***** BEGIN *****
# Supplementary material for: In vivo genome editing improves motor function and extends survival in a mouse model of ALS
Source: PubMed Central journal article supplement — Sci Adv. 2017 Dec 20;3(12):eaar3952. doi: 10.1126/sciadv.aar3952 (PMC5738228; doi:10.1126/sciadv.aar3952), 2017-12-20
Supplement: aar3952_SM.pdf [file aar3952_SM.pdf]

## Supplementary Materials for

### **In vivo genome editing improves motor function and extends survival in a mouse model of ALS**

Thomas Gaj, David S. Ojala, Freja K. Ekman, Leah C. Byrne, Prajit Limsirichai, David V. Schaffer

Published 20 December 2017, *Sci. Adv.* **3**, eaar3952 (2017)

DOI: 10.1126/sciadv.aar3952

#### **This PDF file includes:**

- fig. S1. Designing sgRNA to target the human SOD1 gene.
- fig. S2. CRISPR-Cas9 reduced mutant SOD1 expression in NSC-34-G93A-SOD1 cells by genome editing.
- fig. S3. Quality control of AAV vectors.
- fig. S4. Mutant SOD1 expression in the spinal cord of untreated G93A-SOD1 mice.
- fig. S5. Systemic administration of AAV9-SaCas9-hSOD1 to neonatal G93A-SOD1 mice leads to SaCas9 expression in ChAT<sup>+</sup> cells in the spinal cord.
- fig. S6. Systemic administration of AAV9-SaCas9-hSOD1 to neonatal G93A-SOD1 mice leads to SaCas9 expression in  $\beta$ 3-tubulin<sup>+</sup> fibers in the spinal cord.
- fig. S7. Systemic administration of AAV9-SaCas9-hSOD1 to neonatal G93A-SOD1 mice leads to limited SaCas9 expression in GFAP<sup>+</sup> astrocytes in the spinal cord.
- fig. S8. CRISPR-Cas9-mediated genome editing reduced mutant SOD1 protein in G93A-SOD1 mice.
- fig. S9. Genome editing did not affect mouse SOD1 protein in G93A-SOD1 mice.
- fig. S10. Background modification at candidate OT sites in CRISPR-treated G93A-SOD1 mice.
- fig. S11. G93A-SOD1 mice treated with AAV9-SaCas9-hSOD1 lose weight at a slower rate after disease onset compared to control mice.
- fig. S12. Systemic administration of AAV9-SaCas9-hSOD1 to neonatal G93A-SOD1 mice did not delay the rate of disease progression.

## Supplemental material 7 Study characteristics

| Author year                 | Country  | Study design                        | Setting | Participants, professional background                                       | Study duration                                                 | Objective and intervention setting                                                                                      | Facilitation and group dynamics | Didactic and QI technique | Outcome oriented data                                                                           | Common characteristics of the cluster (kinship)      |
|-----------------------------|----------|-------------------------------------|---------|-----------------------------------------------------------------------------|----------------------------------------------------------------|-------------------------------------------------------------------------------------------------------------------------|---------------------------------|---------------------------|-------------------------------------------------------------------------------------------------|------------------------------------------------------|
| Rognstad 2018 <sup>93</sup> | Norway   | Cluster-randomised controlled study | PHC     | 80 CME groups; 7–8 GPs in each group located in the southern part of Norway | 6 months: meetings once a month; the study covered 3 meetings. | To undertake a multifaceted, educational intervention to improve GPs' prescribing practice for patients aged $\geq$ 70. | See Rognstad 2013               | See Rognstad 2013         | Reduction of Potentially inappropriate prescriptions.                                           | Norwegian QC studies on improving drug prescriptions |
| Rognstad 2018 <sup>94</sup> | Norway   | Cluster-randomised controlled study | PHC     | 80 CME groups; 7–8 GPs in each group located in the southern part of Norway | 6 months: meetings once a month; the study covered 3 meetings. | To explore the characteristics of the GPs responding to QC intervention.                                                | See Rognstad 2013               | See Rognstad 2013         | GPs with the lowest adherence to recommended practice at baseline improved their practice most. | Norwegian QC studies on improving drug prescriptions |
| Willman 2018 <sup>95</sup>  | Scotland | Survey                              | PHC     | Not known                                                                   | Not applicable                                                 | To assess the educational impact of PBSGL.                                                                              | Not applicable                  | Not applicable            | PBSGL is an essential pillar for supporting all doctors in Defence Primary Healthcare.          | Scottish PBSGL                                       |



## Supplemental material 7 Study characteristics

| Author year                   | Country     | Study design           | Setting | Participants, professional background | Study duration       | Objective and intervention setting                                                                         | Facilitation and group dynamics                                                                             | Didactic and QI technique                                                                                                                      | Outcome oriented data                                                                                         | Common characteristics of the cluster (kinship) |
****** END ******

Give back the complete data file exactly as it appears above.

# Supplementary material for: In vivo genome editing improves motor function and extends survival in a mouse model of ALS
Source: PubMed Central journal article supplement — Sci Adv. 2017 Dec 20;3(12):eaar3952. doi: 10.1126/sciadv.aar3952 (PMC5738228; doi:10.1126/sciadv.aar3952), 2017-12-20
Supplement: aar3952_SM.pdf [file aar3952_SM.pdf]

## Supplementary Materials for

### **In vivo genome editing improves motor function and extends survival in a mouse model of ALS**

Thomas Gaj, David S. Ojala, Freja K. Ekman, Leah C. Byrne, Prajit Limsirichai, David V. Schaffer

Published 20 December 2017, *Sci. Adv.* **3**, eaar3952 (2017)

DOI: 10.1126/sciadv.aar3952

#### **This PDF file includes:**

- fig. S1. Designing sgRNA to target the human SOD1 gene.
- fig. S2. CRISPR-Cas9 reduced mutant SOD1 expression in NSC-34-G93A-SOD1 cells by genome editing.
- fig. S3. Quality control of AAV vectors.
- fig. S4. Mutant SOD1 expression in the spinal cord of untreated G93A-SOD1 mice.
- fig. S5. Systemic administration of AAV9-SaCas9-hSOD1 to neonatal G93A-SOD1 mice leads to SaCas9 expression in ChAT<sup>+</sup> cells in the spinal cord.
- fig. S6. Systemic administration of AAV9-SaCas9-hSOD1 to neonatal G93A-SOD1 mice leads to SaCas9 expression in  $\beta$ 3-tubulin<sup>+</sup> fibers in the spinal cord.
- fig. S7. Systemic administration of AAV9-SaCas9-hSOD1 to neonatal G93A-SOD1 mice leads to limited SaCas9 expression in GFAP<sup>+</sup> astrocytes in the spinal cord.
- fig. S8. CRISPR-Cas9-mediated genome editing reduced mutant SOD1 protein in G93A-SOD1 mice.
- fig. S9. Genome editing did not affect mouse SOD1 protein in G93A-SOD1 mice.
- fig. S10. Background modification at candidate OT sites in CRISPR-treated G93A-SOD1 mice.
- fig. S11. G93A-SOD1 mice treated with AAV9-SaCas9-hSOD1 lose weight at a slower rate after disease onset compared to control mice.
- fig. S12. Systemic administration of AAV9-SaCas9-hSOD1 to neonatal G93A-SOD1 mice did not delay the rate of disease progression.

## Supplemental material 7 Study characteristics

| Author year                 | Country  | Study design                        | Setting | Participants, professional background                                       | Study duration                                                 | Objective and intervention setting                                                                                      | Facilitation and group dynamics | Didactic and QI technique | Outcome oriented data                                                                           | Common characteristics of the cluster (kinship)      |
|-----------------------------|----------|-------------------------------------|---------|-----------------------------------------------------------------------------|----------------------------------------------------------------|-------------------------------------------------------------------------------------------------------------------------|---------------------------------|---------------------------|-------------------------------------------------------------------------------------------------|------------------------------------------------------|
| Rognstad 2018 <sup>93</sup> | Norway   | Cluster-randomised controlled study | PHC     | 80 CME groups; 7–8 GPs in each group located in the southern part of Norway | 6 months: meetings once a month; the study covered 3 meetings. | To undertake a multifaceted, educational intervention to improve GPs' prescribing practice for patients aged $\geq$ 70. | See Rognstad 2013               | See Rognstad 2013         | Reduction of Potentially inappropriate prescriptions.                                           | Norwegian QC studies on improving drug prescriptions |
| Rognstad 2018 <sup>94</sup> | Norway   | Cluster-randomised controlled study | PHC     | 80 CME groups; 7–8 GPs in each group located in the southern part of Norway | 6 months: meetings once a month; the study covered 3 meetings. | To explore the characteristics of the GPs responding to QC intervention.                                                | See Rognstad 2013               | See Rognstad 2013         | GPs with the lowest adherence to recommended practice at baseline improved their practice most. | Norwegian QC studies on improving drug prescriptions |
| Willman 2018 <sup>95</sup>  | Scotland | Survey                              | PHC     | Not known                                                                   | Not applicable                                                 | To assess the educational impact of PBSGL.                                                                              | Not applicable                  | Not applicable            | PBSGL is an essential pillar for supporting all doctors in Defence Primary Healthcare.          | Scottish PBSGL                                       |



## Supplemental material 7 Study characteristics

| Author year                   | Country     | Study design           | Setting | Participants, professional background | Study duration       | Objective and intervention setting                                                                         | Facilitation and group dynamics                                                                             | Didactic and QI technique                                                                                                                      | Outcome oriented data                                                                                         | Common characteristics of the cluster (kinship) |